Are intracytoplasmic sperm injection and high serum estradiol compounding risk factors for adverse obstetric outcomes in assisted reproductive technology
Greene Donald Royster IV, M.D., Kavitha Krishnamoorthy, M.D., John M. Csokmay, M.D., Belinda J. Yauger, M.D., Rebecca J. Chason, M.D., Alan H. DeCherney, M.D., Erin F. Wolff, M.D., Micah J. Hill, D.O.
To evaluate whether intracytoplasmic sperm injection (ICSI) use and E2 on the final day of assisted reproductive technology (ART) stimulation are associated with adverse obstetric complications related to placentation.
Retrospective cohort study.
Large private ART practice.
A total of 383 women who underwent ART resulting in a singleton live births.
Main Outcome Measure(s):
Adverse placental outcomes composed of placenta accreta, placental abruption, placenta previa, intrauterine growth restriction, preeclampsia, gestational hypertension, and small for gestational age infants.
Patients with adverse placental outcomes had higher peak serum E2 levels and were three times more likely to have used ICSI. Adverse placental outcomes were associated with increasing E2 (odds ratio 1.36, 95% confidence interval 1.13–1.65) and ICSI (odds ratio 3.86, 95% confidence interval 1.61–9.27). Adverse outcomes increased when E2 was >3,000 pg/mL and continued to increase in a linear fashion until E2 was >5,000 pg/mL. The association of ICSI with adverse outcomes was independent of male factor infertility. Interaction testing suggested the adverse effect of E2 was primarily seen in ICSI cycles, but not in conventional IVF cycles. Estradiol >5,000 pg/mL was associated with adverse placental events in 36% of all ART cycles and 52% of ICSI cycles.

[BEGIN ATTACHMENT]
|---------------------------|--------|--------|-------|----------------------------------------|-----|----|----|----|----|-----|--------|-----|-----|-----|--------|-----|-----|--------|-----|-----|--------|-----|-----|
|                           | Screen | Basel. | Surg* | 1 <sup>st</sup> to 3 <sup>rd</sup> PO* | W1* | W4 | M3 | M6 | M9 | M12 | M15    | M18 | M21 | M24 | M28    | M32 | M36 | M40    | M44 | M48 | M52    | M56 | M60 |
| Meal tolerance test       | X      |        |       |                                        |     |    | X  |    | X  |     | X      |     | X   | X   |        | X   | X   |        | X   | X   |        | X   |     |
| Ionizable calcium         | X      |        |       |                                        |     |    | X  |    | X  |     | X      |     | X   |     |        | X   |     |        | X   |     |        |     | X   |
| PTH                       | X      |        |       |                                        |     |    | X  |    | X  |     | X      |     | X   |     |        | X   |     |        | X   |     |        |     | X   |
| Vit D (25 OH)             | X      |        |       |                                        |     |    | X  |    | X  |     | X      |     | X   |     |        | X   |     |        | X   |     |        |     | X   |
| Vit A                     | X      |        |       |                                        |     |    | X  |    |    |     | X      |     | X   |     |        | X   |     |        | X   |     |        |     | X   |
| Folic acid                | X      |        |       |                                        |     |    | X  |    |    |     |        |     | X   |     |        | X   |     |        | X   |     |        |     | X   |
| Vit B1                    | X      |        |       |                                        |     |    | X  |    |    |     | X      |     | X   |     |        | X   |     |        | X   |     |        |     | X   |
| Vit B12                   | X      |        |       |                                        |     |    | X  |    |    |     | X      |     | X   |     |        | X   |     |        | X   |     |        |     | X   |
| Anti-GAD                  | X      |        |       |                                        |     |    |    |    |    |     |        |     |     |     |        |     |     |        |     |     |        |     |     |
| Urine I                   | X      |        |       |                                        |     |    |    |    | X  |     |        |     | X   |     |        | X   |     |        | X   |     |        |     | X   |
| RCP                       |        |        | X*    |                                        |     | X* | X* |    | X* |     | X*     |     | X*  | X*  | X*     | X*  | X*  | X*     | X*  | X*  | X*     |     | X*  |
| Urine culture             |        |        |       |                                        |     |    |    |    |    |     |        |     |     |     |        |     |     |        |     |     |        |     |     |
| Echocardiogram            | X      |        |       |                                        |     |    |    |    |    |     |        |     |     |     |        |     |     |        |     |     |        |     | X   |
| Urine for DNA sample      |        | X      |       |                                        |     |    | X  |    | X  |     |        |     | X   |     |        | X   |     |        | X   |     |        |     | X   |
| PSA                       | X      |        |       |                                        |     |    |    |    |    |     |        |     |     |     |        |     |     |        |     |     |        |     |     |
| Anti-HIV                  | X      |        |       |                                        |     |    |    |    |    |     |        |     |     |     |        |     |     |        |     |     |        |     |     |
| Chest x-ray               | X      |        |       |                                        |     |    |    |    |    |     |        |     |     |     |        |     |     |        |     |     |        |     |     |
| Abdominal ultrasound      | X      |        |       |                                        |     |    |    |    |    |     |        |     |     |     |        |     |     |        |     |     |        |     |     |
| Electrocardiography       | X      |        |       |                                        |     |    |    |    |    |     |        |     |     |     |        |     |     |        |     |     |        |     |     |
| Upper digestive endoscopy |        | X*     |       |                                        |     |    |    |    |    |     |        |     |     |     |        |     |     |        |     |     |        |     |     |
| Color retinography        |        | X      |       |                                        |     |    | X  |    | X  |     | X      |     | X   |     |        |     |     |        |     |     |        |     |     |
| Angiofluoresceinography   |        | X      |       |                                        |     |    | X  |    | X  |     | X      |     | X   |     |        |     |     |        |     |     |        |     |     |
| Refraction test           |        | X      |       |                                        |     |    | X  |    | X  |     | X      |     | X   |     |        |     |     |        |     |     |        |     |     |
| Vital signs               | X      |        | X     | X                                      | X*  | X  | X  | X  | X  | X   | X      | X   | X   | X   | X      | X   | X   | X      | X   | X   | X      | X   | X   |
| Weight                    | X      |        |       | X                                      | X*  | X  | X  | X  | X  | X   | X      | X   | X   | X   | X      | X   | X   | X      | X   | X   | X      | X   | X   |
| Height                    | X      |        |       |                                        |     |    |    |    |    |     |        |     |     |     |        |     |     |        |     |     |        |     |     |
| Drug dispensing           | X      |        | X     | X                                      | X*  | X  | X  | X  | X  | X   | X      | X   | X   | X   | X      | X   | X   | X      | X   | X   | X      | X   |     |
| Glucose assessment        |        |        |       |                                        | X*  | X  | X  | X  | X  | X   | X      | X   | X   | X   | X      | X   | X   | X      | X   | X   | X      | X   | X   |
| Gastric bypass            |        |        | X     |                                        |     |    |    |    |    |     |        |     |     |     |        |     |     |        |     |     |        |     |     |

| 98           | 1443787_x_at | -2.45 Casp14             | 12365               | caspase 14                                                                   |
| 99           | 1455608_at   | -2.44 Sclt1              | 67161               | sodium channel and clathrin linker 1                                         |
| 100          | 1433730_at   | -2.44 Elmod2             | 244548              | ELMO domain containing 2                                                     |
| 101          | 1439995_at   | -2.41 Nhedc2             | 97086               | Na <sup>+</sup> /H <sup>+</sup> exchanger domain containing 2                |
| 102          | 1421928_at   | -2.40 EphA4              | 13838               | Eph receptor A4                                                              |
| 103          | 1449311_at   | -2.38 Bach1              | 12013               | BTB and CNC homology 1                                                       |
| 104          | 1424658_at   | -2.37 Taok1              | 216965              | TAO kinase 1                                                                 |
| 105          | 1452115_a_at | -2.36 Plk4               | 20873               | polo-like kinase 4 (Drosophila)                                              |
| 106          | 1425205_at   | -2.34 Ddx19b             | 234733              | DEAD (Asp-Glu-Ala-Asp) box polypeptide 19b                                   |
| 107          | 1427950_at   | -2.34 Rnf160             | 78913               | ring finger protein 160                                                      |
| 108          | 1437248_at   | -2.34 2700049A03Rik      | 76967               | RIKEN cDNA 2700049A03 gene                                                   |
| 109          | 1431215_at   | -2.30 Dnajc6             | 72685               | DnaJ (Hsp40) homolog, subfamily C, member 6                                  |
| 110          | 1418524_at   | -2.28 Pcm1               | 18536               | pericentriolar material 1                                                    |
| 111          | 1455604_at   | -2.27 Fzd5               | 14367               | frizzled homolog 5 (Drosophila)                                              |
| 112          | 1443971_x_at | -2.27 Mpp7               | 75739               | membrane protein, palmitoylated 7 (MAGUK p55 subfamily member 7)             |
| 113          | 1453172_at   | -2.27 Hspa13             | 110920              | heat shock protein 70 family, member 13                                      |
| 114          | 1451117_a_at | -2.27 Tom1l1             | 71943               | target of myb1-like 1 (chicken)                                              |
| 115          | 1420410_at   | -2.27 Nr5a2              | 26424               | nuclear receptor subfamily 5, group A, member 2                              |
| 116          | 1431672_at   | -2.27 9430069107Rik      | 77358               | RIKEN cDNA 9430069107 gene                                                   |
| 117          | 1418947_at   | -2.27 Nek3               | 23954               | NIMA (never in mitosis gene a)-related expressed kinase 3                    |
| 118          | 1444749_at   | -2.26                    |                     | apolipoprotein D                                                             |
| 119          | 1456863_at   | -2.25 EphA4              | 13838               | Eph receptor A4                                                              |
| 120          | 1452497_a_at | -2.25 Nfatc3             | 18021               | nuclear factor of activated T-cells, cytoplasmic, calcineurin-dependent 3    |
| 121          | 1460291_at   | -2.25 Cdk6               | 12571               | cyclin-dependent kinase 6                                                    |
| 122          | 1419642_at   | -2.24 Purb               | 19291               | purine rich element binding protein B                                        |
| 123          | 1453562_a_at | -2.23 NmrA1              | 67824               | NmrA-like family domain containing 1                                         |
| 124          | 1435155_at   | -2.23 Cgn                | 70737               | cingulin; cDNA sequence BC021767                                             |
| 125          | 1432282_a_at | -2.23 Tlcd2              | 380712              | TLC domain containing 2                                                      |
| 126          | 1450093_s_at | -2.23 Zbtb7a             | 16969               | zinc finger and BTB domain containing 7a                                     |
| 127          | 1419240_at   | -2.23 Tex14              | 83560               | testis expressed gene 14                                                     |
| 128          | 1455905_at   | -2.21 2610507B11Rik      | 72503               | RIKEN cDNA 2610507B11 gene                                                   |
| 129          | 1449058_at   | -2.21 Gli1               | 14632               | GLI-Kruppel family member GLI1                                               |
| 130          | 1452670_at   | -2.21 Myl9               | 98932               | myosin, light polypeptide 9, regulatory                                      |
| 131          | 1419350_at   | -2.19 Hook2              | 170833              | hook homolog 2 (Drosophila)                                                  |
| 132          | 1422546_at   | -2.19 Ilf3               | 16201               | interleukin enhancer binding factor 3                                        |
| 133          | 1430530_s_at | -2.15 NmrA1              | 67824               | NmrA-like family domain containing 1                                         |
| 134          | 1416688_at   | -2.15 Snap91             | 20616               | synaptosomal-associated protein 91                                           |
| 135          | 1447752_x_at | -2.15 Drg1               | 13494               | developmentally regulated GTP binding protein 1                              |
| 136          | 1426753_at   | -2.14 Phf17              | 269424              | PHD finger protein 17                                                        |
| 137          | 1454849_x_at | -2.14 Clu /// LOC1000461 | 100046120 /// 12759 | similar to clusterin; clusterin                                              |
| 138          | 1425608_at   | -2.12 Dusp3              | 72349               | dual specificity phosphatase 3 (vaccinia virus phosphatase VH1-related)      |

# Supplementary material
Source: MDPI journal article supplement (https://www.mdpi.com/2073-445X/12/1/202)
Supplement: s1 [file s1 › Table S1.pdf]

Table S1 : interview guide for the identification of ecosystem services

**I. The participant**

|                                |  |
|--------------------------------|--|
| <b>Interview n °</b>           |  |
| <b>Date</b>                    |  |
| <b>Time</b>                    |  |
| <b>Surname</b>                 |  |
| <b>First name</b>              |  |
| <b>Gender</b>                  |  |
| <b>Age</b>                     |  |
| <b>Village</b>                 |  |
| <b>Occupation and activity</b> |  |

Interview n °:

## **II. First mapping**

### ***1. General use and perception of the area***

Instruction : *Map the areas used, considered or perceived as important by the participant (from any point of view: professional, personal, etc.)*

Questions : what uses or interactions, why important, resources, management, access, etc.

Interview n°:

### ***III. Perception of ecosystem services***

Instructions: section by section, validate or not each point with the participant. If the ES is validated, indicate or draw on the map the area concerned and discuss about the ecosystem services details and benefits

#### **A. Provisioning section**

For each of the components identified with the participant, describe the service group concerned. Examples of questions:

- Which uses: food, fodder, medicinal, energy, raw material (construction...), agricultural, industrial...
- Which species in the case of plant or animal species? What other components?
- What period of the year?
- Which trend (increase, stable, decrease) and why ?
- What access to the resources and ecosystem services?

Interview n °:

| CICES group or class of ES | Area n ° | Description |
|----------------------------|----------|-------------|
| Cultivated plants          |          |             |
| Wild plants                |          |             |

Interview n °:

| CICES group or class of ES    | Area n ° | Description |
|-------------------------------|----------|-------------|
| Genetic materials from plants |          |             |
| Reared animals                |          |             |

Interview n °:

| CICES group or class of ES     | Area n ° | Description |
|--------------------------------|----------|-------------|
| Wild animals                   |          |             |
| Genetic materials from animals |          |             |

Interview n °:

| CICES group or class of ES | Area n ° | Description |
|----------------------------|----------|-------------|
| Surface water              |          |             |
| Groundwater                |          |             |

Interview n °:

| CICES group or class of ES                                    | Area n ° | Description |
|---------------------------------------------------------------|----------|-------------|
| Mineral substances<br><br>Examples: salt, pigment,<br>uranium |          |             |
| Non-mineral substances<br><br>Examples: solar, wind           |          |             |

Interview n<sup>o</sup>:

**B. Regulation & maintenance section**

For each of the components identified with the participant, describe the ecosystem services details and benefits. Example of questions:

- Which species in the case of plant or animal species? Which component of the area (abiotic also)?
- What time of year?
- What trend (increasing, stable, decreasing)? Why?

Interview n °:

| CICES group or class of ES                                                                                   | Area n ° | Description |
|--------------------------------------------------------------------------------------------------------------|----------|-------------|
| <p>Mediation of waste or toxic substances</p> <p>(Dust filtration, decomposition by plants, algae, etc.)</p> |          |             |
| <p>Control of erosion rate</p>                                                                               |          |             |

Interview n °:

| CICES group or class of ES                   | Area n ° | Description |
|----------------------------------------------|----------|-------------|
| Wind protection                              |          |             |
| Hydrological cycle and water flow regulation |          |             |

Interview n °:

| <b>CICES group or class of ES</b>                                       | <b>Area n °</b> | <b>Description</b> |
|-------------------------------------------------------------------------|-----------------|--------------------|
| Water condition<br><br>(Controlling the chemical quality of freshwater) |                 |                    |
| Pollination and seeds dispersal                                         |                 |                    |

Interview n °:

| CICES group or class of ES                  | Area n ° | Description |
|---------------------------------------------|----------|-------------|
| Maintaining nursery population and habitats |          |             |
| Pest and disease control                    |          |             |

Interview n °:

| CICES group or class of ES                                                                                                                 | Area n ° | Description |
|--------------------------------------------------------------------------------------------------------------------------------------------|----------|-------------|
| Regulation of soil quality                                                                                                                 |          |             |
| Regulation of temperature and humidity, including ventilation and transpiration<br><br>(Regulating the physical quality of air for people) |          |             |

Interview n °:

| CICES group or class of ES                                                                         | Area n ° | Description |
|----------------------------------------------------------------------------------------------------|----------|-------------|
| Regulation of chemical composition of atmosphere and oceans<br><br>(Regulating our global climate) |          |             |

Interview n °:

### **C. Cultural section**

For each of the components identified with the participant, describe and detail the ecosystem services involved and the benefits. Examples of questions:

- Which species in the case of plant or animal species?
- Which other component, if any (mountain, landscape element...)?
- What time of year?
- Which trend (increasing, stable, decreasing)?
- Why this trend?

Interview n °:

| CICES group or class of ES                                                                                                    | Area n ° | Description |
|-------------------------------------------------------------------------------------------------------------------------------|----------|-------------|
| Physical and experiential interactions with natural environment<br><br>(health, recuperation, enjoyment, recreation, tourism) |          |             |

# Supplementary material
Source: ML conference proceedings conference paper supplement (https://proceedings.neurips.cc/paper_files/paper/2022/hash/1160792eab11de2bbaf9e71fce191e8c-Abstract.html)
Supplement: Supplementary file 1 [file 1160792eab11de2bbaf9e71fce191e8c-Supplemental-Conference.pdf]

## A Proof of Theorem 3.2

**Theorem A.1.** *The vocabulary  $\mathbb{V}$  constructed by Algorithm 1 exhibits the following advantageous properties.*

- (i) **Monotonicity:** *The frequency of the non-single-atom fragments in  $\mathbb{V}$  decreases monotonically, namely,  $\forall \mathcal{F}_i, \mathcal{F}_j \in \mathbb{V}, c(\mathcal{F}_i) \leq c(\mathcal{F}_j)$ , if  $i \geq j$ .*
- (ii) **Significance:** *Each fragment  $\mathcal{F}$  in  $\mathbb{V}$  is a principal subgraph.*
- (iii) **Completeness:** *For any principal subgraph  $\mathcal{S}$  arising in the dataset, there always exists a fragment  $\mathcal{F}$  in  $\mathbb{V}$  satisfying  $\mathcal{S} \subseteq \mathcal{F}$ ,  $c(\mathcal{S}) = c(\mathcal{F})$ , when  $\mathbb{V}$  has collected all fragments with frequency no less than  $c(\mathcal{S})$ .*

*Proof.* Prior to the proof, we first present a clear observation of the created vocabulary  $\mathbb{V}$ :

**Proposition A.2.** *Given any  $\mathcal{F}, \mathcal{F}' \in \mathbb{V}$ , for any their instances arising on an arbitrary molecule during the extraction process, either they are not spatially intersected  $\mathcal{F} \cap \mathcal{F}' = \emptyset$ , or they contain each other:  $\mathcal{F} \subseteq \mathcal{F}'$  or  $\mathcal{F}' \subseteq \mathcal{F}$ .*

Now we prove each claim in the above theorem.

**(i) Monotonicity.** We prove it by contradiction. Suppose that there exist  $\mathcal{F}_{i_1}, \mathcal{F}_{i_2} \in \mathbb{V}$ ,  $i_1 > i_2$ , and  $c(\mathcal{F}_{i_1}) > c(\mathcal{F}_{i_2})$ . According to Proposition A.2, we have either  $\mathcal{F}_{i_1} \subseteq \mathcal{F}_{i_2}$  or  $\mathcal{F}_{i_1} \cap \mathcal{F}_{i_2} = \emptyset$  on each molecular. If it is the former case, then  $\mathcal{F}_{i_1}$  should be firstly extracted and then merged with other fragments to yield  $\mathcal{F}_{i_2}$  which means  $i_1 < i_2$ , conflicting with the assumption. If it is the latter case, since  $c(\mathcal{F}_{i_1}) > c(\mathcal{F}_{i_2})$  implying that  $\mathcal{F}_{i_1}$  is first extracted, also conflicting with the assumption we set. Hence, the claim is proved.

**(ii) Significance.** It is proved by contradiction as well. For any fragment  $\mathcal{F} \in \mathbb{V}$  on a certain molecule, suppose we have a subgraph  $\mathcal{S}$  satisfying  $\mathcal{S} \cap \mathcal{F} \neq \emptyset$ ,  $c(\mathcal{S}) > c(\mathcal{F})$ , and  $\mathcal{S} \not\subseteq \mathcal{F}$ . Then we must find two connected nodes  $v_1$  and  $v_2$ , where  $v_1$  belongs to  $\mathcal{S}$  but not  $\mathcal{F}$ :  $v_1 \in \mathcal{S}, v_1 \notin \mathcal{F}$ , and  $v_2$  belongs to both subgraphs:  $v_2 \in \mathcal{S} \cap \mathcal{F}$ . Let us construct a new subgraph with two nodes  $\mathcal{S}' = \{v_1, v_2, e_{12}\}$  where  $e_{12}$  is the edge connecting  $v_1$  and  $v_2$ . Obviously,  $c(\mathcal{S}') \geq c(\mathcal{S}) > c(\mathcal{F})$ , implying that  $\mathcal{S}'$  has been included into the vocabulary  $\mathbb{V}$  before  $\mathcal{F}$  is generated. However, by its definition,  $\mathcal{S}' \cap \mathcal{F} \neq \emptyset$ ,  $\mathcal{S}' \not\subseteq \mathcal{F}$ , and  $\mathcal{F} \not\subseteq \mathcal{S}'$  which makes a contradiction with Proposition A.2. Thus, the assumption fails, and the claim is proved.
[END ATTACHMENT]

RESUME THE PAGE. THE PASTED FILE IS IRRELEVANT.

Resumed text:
The ICSI and elevated E2 on the day of hCG trigger were associated with adverse obstetric outcomes related to placentation. The finding of a potential interaction of E2 and ICSI with adverse placental events is novel and warrants further investigation.